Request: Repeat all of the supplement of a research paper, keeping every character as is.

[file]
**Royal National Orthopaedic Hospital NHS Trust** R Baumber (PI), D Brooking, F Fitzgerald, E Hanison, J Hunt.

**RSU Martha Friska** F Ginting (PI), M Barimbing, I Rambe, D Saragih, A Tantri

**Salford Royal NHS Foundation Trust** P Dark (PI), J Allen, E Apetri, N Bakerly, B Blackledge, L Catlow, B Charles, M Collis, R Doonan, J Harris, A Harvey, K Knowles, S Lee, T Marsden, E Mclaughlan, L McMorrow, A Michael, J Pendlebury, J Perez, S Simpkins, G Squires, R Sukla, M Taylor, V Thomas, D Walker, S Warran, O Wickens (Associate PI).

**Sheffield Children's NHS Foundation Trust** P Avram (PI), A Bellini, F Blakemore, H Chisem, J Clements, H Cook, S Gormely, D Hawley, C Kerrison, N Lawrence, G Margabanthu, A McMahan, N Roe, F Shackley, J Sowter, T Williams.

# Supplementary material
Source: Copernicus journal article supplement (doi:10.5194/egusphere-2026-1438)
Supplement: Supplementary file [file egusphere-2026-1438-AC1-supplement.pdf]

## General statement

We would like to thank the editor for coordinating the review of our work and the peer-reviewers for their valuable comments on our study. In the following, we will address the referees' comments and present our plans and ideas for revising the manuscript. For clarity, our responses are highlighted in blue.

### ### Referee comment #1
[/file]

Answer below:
**Royal National Orthopaedic Hospital NHS Trust** R Baumber (PI), D Brooking, F Fitzgerald, E Hanison, J Hunt.

**RSU Martha Friska** F Ginting (PI), M Barimbing, I Rambe, D Saragih, A Tantri

**Salford Royal NHS Foundation Trust** P Dark (PI), J Allen, E Apetri, N Bakerly, B Blackledge, L Catlow, B Charles, M Collis, R Doonan, J Harris, A Harvey, K Knowles, S Lee, T Marsden, E Mclaughlan, L McMorrow, A Michael, J Pendlebury, J Perez, S Simpkins, G Squires, R Sukla, M Taylor, V Thomas, D Walker, S Warran, O Wickens (Associate PI).

**Sheffield Children's NHS Foundation Trust** P Avram (PI), A Bellini, F Blakemore, H Chisem, J Clements, H Cook, S Gormely, D Hawley, C Kerrison, N Lawrence, G Margabanthu, A McMahan, N Roe, F Shackley, J Sowter, T Williams.

# Supplementary material
Source: Copernicus journal article supplement (doi:10.5194/egusphere-2026-1438)
Supplement: Supplementary file [file egusphere-2026-1438-AC1-supplement.pdf]

## General statement

We would like to thank the editor for coordinating the review of our work and the peer-reviewers for their valuable comments on our study. In the following, we will address the referees' comments and present our plans and ideas for revising the manuscript. For clarity, our responses are highlighted in blue.

### ### Referee comment #1